Now, what can we say about the dimension of motion if the ball is rolled down the path depicted? The most typical response would be that since it is travelling on a plane and has both an x-component and a y-component, it must be an instance of motion in two dimensions. However, it is incorrect because a line that can precisely define the motion of the basketball already exists. It is an illustration of one-dimensional motion as a result. As a result, the motion’s actual nature is unaffected by the axis selection.

The ball’s velocity now includes three components: an x component, a y component, and a z component if it is thrown at the angle depicted. Does this indicate that the motion is three-dimensional? Here, it is clear that a plane, not a line, can define such a motion. As a result, there is a plane that completely captures the motion of every body hurled at any angle. Thus, it can be concluded that a body will move in two dimensions no matter what projection angle is used as long as it is close to the Earth’s surface and the effects of air resistance can be ignored.

A projectile is an object that is launched into the air and then moves only in response to the acceleration of gravity. The trajectory of the object is referred to as the projectile’s path. One-Dimensional Kinematics Problem-Solving Basics describes the motion of falling objects as a straightforward one-dimensional projectile motion with no horizontal movement. This section examines the motion of two-dimensional projectiles, such as a football or other object with minimal air resistance.

The most crucial thing to keep in mind in this situation is that motions along perpendicular axes are independent and may therefore be studied separately. The independence of vertical and horizontal motions was examined in Kinematics in Two Dimensions: An Introduction. Breaking two-dimensional projectile motion into motions along the horizontal and vertical axes is the key to understanding it. Since acceleration caused by gravity is vertical, there won’t be any acceleration along the horizontal axis when air resistance is minimal (this choice of axes is the most logical). We refer to the horizontal axis as the x-axis and the vertical axis as the y-axis as is customary. The notation for displacement is shown in Figure 1, where the components of the displacement along the horizontal and vertical axes are represented by x and y, respectively, and s is defined as the overall displacement. These vectors have the magnitudes s, x, and y. (Remember that in the last section, a vector with the components Ax and Ay was denoted by the letter A. We would name displacement s with the components sx and sy if we kept the format. However, we’ll just refer to the component vectors as x and y to make the notation simpler.)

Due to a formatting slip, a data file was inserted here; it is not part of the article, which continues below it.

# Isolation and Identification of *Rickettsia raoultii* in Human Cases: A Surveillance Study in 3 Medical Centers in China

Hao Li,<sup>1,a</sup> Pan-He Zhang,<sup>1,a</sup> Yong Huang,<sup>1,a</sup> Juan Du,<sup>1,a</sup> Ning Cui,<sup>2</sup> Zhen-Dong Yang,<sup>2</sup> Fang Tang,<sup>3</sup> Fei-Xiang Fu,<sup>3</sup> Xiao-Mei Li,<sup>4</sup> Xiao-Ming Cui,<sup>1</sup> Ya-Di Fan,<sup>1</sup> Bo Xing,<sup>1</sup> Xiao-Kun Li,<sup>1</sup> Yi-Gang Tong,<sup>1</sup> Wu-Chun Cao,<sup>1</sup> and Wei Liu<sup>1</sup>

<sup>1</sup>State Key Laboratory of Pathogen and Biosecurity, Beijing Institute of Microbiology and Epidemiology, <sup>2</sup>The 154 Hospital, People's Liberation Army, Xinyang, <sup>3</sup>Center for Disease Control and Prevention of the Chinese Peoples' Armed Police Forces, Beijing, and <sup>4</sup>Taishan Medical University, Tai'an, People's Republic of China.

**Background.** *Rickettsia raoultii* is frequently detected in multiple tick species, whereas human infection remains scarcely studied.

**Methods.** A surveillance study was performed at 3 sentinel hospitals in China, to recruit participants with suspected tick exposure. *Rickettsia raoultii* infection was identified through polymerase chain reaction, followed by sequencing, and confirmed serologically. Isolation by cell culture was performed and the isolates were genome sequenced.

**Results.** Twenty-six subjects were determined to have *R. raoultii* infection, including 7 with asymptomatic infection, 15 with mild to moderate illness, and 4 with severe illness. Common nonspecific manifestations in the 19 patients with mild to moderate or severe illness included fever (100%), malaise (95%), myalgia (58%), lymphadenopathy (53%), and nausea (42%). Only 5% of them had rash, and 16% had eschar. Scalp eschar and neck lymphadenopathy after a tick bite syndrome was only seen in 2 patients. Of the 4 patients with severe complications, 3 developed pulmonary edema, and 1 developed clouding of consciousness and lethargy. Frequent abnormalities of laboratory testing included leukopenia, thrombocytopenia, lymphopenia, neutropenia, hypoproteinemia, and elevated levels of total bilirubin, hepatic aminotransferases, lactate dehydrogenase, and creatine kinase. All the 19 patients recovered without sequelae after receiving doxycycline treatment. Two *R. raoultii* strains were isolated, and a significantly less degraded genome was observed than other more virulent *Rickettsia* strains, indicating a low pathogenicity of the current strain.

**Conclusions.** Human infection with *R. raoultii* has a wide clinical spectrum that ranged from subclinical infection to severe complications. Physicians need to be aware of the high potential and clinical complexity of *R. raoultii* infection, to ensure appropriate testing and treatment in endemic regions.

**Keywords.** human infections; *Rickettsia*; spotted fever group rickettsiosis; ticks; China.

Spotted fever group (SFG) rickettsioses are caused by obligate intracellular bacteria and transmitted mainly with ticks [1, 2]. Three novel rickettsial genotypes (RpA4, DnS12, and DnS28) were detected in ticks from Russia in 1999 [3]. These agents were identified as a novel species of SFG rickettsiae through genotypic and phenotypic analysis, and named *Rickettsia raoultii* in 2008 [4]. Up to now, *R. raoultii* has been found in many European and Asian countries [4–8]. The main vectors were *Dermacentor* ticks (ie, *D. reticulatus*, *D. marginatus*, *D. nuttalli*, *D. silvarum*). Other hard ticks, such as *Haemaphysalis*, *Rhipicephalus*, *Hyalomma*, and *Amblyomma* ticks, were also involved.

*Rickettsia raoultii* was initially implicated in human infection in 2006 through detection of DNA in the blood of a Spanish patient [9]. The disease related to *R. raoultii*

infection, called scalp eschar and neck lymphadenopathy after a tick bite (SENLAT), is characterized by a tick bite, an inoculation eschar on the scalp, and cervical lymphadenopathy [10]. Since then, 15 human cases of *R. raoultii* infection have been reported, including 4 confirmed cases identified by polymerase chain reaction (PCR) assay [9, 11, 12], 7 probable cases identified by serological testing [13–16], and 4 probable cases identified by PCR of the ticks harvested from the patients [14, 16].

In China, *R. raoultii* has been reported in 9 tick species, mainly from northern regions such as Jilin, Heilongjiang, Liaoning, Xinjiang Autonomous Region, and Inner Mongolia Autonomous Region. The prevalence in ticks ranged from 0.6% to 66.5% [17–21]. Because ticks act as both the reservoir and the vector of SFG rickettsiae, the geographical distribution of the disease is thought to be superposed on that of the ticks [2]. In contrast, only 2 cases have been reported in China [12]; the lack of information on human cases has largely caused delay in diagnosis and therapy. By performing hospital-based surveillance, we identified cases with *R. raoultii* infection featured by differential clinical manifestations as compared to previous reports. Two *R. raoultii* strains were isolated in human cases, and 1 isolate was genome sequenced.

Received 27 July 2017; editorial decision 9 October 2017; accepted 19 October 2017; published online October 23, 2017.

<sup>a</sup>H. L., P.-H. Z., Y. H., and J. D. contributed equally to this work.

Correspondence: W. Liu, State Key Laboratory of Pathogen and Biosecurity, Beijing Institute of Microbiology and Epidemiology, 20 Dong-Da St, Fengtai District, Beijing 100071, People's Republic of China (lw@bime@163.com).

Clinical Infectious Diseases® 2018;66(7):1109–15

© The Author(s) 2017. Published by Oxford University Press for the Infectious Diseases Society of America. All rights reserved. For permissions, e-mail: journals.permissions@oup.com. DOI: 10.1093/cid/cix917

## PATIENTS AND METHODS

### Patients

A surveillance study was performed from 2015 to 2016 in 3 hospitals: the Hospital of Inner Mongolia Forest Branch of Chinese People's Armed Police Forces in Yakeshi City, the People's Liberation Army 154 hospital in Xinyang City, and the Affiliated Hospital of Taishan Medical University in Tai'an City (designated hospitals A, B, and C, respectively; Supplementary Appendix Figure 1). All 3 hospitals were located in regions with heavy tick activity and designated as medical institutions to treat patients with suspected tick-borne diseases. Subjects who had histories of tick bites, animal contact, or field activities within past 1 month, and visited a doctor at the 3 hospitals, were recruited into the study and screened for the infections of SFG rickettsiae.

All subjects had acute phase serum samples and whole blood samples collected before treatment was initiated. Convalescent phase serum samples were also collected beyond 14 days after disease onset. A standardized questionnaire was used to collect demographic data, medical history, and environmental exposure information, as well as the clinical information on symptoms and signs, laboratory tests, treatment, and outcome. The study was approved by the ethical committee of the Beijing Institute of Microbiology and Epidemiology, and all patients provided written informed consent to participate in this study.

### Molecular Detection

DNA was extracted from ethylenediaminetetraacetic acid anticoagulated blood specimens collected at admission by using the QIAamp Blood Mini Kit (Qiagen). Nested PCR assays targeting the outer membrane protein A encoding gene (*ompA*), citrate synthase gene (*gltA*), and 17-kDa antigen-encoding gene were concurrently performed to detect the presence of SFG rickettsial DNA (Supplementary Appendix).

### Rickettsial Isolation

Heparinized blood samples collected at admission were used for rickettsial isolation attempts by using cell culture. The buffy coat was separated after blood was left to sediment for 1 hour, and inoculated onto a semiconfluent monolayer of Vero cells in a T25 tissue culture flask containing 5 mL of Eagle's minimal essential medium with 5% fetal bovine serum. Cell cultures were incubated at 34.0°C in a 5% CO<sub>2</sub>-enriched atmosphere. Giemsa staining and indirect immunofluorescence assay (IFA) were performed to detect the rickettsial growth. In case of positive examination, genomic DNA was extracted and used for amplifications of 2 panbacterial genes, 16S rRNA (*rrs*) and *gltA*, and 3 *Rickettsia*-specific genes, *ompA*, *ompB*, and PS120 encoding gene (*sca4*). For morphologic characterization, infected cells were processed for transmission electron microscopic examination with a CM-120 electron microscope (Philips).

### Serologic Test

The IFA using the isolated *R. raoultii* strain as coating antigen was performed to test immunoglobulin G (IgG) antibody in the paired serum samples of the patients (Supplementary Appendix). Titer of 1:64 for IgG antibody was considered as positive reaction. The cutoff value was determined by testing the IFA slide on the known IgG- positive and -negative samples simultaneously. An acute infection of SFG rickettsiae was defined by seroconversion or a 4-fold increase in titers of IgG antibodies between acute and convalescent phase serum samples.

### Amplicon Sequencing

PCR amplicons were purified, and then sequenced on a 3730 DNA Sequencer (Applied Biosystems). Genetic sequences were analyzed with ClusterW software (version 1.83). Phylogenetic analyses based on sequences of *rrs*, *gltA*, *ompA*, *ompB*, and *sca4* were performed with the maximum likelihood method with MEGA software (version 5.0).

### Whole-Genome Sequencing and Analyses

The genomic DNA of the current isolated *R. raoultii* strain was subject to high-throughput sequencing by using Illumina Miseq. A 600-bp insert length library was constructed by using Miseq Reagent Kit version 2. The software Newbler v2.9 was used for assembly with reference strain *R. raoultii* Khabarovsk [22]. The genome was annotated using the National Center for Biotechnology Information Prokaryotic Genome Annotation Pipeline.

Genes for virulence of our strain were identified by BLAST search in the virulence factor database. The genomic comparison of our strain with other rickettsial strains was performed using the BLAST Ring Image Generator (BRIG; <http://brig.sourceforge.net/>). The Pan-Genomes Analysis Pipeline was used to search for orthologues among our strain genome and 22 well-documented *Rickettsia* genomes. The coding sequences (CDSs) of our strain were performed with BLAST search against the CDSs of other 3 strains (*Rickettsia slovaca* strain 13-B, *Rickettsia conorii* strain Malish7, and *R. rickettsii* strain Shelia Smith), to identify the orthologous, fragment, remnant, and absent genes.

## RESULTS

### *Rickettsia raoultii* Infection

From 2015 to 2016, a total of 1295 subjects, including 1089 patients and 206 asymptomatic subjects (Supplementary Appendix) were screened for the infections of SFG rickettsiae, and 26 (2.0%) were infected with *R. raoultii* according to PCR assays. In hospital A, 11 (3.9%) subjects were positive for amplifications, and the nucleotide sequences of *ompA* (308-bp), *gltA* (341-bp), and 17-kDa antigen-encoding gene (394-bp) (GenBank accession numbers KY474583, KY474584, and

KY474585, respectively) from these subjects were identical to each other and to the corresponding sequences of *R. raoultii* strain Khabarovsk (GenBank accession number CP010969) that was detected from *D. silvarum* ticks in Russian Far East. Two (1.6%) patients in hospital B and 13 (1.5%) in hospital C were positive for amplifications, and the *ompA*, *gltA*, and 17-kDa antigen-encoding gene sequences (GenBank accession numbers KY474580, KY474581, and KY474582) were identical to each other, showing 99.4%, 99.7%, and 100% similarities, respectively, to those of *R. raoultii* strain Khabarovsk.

Naturally, we must deal with velocity, acceleration, and displacement when describing motion. Along the x- and y-axes, we must also locate their constituent parts. We’ll suppose that all forces, save gravity, are insignificant. Examples include friction and air resistance. Thus, the elements of acceleration are relatively straightforward: ay = -g = -9.80 m/s2. (It should be noted that this definition counts upwards as the positive direction. Gravitational acceleration assumes a positive value if the coordinate system is set up so that the downward direction is positive.) Ax = 0 since gravity is vertical. The kinematic equations can be applied because both accelerations are constant.